To Nash, it must have felt like the Suns were indeed playing without Stoudemire, Diaw and Leandro Barbosa, who happens to be one of his favorite teammates. Barbosa is the biggest difference between these Suns and the group that lost to the Spurs in the 2005 Western Conference finals, when Suns coach Mike D'Antoni could barely permit himself to play his Brazilian speedster. Yet two years later, Barbosa isn't giving Phoenix much more than he was then, clearly unnerved by the Spurs' determination to shadow him at the 3-point line and the length waiting for him at the rim.
Needing a breakout game from Barbosa more than ever -- given the unavailability of Nash's pick-and-roll partner (Stoudemire) and the Suns' second-best playmaker (Diaw) -- Phoenix got an eight-point, four-turnover, six-foul game instead. Barbosa started in Stoudemire's place but accrued three fouls alone in the third quarter and was never a factor.
The result? With all the pressure Bowen (and others) applied to Nash, it became an increasing ordeal for the Suns just to get the ball up the court, on a night they were hoping to play at a zooming pace that would take the score well into the 100s.
The other result? The Suns' slow-death fade offset the legitimately withering D they played in the first two quarters. The Spurs had managed just 33 points and four offensive rebounds by intermission, shaking their heads at how many times tiny Phoenix was holding them to one-shot possessions.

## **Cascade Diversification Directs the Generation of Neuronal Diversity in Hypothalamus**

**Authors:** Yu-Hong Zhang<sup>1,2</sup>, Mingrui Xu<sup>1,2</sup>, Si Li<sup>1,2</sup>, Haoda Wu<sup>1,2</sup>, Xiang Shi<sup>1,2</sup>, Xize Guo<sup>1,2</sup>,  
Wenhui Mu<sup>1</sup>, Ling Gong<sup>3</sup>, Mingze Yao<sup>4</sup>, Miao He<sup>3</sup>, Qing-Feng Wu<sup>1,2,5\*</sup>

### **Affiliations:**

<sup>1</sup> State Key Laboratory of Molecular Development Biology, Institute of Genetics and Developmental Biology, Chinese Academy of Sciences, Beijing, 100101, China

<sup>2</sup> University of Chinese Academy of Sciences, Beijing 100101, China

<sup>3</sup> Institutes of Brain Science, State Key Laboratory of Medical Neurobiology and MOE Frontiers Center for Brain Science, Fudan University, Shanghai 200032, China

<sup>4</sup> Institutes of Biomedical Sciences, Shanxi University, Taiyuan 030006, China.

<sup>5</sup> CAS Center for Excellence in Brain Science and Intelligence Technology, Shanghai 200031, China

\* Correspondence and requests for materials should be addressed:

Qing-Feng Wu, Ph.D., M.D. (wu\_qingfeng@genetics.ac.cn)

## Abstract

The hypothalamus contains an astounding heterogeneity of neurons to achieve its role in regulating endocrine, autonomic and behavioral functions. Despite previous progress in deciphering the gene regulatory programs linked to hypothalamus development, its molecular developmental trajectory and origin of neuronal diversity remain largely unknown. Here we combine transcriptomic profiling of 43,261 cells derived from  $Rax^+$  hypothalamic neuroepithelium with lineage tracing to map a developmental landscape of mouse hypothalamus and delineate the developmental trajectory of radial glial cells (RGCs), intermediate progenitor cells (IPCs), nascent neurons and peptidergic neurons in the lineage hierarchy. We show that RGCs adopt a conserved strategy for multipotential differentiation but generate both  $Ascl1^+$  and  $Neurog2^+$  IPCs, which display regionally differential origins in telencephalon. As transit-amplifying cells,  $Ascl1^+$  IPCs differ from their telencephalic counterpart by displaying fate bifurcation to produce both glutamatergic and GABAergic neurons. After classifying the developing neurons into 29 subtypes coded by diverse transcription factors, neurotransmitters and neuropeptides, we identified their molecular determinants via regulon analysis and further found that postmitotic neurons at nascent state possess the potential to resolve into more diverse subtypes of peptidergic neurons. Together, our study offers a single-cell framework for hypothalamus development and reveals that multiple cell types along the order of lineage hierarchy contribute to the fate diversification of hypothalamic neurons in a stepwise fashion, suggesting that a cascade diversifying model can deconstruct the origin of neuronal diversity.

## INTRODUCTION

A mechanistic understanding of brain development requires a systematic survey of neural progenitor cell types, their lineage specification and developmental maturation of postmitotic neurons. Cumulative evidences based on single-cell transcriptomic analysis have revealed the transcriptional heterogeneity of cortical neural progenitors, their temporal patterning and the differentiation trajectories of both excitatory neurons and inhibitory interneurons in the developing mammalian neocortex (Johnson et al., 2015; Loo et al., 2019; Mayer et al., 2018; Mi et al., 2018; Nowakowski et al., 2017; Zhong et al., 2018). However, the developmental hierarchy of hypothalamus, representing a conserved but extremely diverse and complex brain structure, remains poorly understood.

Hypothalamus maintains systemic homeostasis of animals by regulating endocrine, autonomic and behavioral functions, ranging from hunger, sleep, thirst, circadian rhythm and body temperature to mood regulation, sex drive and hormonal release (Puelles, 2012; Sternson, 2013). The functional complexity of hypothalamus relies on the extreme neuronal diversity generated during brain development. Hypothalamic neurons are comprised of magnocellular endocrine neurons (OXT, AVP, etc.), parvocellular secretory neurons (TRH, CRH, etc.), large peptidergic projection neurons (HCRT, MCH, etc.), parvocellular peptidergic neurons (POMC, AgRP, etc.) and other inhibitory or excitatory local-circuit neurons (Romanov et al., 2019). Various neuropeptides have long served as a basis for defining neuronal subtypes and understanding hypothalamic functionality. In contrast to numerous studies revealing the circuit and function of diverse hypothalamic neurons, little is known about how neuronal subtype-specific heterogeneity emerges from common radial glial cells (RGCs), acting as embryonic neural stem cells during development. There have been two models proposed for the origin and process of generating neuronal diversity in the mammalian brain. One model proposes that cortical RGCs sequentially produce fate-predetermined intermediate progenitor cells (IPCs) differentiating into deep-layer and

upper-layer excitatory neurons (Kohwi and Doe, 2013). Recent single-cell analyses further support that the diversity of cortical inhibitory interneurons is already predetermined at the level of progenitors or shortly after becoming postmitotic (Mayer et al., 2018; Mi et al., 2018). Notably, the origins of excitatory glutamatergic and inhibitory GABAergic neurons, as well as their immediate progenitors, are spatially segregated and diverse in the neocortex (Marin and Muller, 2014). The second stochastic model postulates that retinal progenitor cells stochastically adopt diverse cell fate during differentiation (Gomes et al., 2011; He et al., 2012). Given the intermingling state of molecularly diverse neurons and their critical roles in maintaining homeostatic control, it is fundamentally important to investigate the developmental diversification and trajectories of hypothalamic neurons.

"It was maybe our worst first half since I've been with San Antonio," Tony Parker said.
Marion was a big factor there. The Matrix always says he wants more offensive opportunities and seized this chance, ringing up 20 points and 11 boards by halftime before finishing with 24 and 17.
Kurt Thomas, meanwhile, was equally impressive, contributing 15 points, 12 boards and another round of effective work against Duncan until the Suns began to double-team Duncan with some increased frequency at the finish. Thomas is a pick-and-pop player offensively, but he was gamely trying to be a pick-and-roller in this one. Anything to try to loosen a defense overplaying Nash.